Dr Michelle Ananda-Rajah is one of three doctors sworn into the 47th parliament in the Class of ’22. Taking on the safe Liberal party seat of Higgins, Dr Ananda-Rajah, with the help of a very strong Greens vote, took the inner-Melbourne seat from former member, Dr Katie Allen – another doctor!
Dr Ananda-Rajah has had a unique view of the COVID-19 pandemic. Working in a busy Melbourne hospital, she’s seen it all and experienced the highs and lows of a health system under stress dealing with an unknown.
Michelle’s speech talks of watching healthcare workers in Italy die in the early days of the pandemic, fighting for appropriate PPE and waiting – agonisingly – for the arrival of the vaccine.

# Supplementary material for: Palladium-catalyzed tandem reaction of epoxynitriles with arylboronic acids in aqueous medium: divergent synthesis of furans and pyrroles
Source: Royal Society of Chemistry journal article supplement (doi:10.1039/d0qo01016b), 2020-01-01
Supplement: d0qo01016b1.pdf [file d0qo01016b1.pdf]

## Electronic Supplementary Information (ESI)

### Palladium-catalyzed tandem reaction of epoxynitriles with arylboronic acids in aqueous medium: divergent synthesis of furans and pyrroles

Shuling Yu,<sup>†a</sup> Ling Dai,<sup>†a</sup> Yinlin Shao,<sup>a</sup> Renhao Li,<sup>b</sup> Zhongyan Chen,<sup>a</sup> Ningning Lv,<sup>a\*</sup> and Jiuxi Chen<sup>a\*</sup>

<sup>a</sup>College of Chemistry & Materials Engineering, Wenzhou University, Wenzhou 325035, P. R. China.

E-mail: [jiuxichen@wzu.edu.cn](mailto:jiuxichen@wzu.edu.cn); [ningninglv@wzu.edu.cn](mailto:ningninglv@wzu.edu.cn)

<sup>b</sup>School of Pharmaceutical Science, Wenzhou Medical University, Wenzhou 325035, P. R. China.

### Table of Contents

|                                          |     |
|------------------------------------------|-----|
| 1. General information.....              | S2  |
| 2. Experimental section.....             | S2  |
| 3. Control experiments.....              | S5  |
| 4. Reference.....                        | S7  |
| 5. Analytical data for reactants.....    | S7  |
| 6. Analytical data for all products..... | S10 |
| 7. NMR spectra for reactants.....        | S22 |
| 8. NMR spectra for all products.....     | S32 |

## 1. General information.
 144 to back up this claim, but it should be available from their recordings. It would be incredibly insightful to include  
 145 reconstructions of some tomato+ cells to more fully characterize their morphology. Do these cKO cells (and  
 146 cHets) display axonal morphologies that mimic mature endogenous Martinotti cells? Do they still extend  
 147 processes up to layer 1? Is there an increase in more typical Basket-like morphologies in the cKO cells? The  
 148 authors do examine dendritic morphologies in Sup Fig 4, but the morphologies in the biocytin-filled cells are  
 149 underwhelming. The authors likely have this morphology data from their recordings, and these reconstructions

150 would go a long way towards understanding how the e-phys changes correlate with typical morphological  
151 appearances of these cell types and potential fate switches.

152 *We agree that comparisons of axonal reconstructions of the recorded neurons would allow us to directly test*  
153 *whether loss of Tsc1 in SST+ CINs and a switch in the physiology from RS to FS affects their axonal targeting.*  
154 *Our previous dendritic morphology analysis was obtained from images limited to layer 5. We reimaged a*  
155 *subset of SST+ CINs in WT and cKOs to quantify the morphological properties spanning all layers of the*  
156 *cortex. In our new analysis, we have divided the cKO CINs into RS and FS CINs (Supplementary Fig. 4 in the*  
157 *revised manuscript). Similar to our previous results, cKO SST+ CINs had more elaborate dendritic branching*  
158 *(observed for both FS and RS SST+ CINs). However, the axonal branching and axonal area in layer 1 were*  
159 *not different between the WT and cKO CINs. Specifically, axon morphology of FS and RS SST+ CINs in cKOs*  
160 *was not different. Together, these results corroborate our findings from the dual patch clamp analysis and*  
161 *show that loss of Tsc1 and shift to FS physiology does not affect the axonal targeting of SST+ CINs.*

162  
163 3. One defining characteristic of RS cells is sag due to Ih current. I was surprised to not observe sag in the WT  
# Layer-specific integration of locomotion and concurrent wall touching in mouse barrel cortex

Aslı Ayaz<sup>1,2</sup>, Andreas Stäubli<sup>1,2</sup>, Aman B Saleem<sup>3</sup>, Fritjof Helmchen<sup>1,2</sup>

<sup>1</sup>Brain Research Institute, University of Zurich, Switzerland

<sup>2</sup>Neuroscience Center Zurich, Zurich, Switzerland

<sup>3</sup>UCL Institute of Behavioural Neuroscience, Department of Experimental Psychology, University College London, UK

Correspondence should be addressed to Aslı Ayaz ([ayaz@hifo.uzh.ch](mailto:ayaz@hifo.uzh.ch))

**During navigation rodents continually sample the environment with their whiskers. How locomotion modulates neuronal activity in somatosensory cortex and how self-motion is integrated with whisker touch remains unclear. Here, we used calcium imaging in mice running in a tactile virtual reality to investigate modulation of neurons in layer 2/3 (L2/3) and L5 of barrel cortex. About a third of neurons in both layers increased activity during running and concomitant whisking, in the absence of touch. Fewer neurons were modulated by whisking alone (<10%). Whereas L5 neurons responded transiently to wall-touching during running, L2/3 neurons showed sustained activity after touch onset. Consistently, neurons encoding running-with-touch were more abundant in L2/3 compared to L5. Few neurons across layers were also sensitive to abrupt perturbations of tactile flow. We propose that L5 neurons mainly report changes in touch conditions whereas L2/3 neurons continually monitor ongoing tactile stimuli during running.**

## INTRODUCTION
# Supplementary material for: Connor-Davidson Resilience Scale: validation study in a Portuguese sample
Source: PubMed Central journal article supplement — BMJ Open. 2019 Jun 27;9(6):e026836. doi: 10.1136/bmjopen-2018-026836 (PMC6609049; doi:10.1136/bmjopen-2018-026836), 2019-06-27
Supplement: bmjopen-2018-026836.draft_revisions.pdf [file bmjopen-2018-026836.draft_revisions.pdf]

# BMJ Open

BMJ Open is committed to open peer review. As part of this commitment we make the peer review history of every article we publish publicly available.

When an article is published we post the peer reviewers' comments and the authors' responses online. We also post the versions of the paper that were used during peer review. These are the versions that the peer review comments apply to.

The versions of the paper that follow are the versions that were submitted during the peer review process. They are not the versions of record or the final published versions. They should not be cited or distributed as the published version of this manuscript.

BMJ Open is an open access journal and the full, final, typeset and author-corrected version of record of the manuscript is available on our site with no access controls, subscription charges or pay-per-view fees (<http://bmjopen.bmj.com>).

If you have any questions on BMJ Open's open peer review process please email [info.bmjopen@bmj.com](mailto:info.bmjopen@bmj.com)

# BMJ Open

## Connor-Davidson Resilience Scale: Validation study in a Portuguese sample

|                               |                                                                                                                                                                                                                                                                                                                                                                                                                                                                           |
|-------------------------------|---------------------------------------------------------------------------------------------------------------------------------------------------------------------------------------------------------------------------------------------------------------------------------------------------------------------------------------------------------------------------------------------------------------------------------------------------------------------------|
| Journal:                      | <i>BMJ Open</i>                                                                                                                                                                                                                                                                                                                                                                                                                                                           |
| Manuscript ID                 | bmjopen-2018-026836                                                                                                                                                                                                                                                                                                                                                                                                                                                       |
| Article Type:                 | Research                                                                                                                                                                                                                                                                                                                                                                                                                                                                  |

It was this experience that raised the stakes for her and it’s what she shares in her speech.
“It was cold comfort to my doctor husband and me that we had sorted out our wills. At least my children would be fine if their parents died.”
While this speech could easily fall into the emotion, metaphor or storytelling categories, for me, it best sits with talking about what is truly at stake. Good, bad and indifferent.
To do this in your own speeches:
- What are the true stakes of what you’re talking about. What good could happen? What bad could happen? What if we just do nothing? Explore that.
- Use emotional and personal language to describe these stakes. Facts and figures are fine, but how it impacts people – their lives and their futures – is critical. ‘Ten people died’ doesn’t have the same impact as ‘ten mothers and fathers, like you and me, died.”
- Caution: don’t exaggerate your stakes. Make them relatable and personal but don’t inflate the numbers of over-egg the impact. That will destroy your credibility.
Give it a try for yourself and let me know how you go.
If you need more help, download my free guide to writing ovation-worthy speeches here.